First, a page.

Most leaders (volunteer or paid) find it easy to think about what they want to do and have and be after their ministry or organization grows. A preferred future is fun to think about. The current reality, especially for those in small churches, well, not so much. Here was reality at my first church:
- My annual worship budget: less than my current Wii bowling average.
- My band: Me. And occasionally Lori, a pianist who couldn’t read chord charts or leadsheets. So when she played, we had to do everything from the Maranatha! Green Book.*
- My sound system: Two words, squished together–RadioShack.
- My video tech: an 80-year old gentleman who sat 3 feet to my left and moved the transparency up and down (quite rapidly) on the overhead projector.
We can dream and scheme and spreadsheet our preferred future all we want. But no plan for future growth will succeed without faith-infused realism. Here’s what faith infused realism is NOT:
“We totally suck. There’s no hope. Let’s just shut this thing down.”
Is it really that bad? Maybe, but probably not. So think realistic, not fatalistic.
A person in a church of 100 pointing to his charts and graphs and explaining: “Our team will grow from our current musician/tech roster of 10 to a team of 40 in the next 3 months”.
Could it happen? Sure. But even if the church grows 50% in that time, you’d still be looking at having almost one-third of the church be on your worship team. So unfounded optimism isn’t great either.
Faith-infused realism is a brutal honesty about where we’re at (our current reality) with a faith that says we can and will grow, change and prevail no matter the difficulties. That’s one of the principles in Jim Collin’s book Good to Great**– Confront the Brutal Facts (But Never Lose Faith). [We don’t have time to cover it here, but Collin’s account of the Stockdale Paradox, which illustrates this principle, is alone worth the price of the book.]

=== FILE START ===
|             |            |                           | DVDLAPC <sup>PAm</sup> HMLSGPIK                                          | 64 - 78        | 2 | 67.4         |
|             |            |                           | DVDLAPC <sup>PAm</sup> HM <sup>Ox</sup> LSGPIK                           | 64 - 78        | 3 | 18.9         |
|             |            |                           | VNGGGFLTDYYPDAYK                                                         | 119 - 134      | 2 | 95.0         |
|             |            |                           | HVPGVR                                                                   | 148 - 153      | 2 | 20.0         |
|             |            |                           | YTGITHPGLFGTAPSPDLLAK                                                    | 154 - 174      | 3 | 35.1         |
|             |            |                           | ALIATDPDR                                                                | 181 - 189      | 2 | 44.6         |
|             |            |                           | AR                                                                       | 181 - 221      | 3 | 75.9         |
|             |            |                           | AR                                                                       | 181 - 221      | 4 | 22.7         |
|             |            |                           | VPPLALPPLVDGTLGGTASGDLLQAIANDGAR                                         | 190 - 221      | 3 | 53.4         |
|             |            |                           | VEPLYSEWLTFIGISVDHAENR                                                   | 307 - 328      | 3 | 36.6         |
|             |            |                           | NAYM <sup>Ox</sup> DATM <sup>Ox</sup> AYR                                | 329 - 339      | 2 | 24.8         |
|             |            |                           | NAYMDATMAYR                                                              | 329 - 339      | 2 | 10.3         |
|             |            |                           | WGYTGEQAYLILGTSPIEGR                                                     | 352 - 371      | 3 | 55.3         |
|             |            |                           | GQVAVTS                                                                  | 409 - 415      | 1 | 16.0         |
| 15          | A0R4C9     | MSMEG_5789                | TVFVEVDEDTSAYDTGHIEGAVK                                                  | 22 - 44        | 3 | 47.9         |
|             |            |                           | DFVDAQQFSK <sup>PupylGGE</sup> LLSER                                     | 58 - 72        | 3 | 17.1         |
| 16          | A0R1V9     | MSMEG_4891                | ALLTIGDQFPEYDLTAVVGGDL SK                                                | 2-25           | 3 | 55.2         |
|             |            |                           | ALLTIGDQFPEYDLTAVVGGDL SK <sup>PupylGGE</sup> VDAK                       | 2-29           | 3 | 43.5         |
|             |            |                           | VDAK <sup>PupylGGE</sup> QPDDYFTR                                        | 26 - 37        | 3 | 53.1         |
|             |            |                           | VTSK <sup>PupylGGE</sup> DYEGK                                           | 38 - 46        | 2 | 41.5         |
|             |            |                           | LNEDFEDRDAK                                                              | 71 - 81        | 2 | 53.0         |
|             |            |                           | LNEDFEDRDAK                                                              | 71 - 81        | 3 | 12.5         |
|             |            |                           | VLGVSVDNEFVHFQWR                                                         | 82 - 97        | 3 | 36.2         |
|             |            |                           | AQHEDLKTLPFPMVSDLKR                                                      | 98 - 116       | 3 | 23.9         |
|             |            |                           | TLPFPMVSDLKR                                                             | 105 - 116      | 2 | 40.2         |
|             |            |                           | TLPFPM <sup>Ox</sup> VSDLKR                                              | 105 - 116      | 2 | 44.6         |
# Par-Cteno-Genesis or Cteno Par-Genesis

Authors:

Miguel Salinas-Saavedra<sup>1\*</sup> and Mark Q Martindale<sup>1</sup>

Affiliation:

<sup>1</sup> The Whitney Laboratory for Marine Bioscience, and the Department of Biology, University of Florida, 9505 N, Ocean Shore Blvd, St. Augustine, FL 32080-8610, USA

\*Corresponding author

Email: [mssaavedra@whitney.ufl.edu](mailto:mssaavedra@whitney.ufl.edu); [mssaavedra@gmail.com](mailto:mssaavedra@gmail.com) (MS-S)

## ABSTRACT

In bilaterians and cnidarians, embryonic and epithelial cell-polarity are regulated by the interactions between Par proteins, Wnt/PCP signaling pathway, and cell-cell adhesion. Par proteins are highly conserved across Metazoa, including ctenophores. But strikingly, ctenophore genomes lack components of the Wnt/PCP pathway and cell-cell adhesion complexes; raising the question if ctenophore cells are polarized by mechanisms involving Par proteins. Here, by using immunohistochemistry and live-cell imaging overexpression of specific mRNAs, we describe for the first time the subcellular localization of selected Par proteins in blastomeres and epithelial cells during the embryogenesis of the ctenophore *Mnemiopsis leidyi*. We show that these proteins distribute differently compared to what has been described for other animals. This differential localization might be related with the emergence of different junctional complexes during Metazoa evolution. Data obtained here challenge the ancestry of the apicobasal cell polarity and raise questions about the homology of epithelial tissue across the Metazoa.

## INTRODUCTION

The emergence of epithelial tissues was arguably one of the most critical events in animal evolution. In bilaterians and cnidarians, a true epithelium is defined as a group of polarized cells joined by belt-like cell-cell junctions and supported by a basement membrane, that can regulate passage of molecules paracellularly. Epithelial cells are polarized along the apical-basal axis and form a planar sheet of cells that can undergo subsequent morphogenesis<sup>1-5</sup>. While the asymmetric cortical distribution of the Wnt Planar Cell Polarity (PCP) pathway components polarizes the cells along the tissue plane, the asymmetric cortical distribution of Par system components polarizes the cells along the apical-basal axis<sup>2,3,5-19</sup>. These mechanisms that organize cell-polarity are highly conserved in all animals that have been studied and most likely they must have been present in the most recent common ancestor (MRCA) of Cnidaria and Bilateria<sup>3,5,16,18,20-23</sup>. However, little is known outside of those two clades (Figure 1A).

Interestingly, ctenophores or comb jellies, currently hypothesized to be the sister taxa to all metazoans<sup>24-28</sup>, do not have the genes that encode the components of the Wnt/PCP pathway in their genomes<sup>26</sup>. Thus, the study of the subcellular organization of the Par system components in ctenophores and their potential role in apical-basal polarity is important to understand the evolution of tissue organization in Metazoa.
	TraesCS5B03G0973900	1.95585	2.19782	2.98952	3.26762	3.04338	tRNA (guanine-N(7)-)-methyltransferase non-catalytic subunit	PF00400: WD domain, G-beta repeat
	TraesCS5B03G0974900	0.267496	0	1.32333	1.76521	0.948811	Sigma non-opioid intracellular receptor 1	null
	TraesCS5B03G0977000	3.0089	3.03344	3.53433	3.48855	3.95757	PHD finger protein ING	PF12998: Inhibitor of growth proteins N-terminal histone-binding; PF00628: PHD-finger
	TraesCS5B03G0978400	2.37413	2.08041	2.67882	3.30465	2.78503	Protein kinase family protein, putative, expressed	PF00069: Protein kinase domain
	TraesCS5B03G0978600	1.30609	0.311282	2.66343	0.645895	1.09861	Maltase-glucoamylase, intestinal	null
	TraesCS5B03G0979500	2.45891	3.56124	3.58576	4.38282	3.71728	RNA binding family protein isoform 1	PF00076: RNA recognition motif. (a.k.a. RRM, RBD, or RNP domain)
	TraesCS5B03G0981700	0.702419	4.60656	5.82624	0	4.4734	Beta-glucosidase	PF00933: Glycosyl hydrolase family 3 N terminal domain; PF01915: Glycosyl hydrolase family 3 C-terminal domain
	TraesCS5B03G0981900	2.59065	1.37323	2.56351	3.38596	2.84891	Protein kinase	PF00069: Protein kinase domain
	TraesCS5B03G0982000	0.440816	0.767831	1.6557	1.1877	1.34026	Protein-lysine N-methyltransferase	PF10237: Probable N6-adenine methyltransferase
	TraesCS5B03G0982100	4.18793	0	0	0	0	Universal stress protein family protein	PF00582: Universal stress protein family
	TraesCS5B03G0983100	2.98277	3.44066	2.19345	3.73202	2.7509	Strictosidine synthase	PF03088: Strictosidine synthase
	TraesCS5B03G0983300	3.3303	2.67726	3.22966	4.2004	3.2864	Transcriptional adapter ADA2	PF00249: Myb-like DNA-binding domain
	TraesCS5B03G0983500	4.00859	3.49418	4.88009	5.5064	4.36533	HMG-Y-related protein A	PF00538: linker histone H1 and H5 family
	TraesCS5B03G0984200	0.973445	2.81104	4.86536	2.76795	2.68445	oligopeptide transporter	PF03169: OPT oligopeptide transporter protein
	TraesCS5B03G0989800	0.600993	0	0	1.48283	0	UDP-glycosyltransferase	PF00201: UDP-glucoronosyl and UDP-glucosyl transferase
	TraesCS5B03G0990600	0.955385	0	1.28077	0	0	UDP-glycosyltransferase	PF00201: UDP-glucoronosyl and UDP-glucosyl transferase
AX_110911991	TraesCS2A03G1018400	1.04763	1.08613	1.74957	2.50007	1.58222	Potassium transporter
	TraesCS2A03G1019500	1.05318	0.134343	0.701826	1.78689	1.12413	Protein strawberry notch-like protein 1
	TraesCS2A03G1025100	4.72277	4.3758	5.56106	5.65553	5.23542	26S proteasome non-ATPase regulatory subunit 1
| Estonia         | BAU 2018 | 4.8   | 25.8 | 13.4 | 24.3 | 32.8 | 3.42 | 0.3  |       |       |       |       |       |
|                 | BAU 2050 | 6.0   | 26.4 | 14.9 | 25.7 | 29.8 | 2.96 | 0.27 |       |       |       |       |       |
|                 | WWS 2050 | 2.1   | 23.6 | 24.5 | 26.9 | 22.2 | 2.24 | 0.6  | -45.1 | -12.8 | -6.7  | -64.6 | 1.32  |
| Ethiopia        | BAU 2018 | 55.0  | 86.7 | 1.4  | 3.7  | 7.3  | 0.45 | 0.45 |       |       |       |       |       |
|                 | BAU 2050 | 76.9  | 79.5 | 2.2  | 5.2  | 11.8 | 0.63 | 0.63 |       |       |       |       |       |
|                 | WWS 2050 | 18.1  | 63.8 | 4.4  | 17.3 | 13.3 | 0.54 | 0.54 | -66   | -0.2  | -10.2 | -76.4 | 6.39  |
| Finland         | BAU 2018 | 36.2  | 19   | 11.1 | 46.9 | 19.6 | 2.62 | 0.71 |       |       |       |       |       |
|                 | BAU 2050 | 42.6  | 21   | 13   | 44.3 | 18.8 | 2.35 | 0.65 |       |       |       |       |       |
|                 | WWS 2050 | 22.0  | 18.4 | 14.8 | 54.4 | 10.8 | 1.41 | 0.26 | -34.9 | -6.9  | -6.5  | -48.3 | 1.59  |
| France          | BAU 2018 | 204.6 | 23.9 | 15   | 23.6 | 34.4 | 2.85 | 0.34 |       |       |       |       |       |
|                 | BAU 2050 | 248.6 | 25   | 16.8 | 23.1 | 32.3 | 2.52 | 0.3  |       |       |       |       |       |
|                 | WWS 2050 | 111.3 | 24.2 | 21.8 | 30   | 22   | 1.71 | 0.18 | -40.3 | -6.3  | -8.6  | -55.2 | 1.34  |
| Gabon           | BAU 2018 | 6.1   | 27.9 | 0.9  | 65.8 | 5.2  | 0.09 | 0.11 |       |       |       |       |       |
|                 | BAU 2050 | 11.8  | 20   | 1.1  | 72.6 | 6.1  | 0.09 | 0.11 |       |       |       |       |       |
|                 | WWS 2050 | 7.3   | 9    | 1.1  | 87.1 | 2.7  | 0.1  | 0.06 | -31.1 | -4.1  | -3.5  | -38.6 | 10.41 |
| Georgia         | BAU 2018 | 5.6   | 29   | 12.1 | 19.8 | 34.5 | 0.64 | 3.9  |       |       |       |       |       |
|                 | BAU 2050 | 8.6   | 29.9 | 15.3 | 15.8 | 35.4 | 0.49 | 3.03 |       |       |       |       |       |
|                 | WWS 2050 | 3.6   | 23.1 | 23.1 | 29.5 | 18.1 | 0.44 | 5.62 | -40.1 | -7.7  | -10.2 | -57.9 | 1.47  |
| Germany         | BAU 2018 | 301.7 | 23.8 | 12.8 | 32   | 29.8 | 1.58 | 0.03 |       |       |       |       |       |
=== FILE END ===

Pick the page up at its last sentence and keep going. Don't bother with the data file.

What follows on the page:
Faith isn’t just a belief, it’s action based on belief. So faith-infused realism means that we need to do something about our current reality. Looking back at my first few churches, I saw the brutal facts, but rarely confronted them. Had I done so, I may have moved a few people off the team that were hindering growth. But more importantly, I may have dealt with some of my own hang-ups and issues that kept us from moving forward.
In some future articles, we’ll be digging into some practical ways to confront our current reality and build faith-infused realism.
*Btw, if you still have a Green Book stashed away, dig it out. It’s got some pretty darn good hymn arrangements.
** Full disclosure: this is an affiliate link to Amazon. I don’t endorse anything I don’t already own and love and think you’ll love, too.
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Get in on the discussion:
Tell us about time you’ve fallen prey to either fatalism or unfounded optimism?
Anyone have a story about confronting a “brutal fact” and how it turned out?
For more reading:
Here are a few resources to get you thinking about your current reality:
Small Church/Big Worship articles – different articles I’ve written and tagged as helpful for smaller church worship ministries. It might be helpful to start at the end of this list.
And you if you are in a smaller church (and live close enough) consider the Small Church/Big Worship Seminar – Sept. 24, in the Columbus, OH area. No laser lights, fog machines or Christian celebrities. And it’s priced for a small church budget.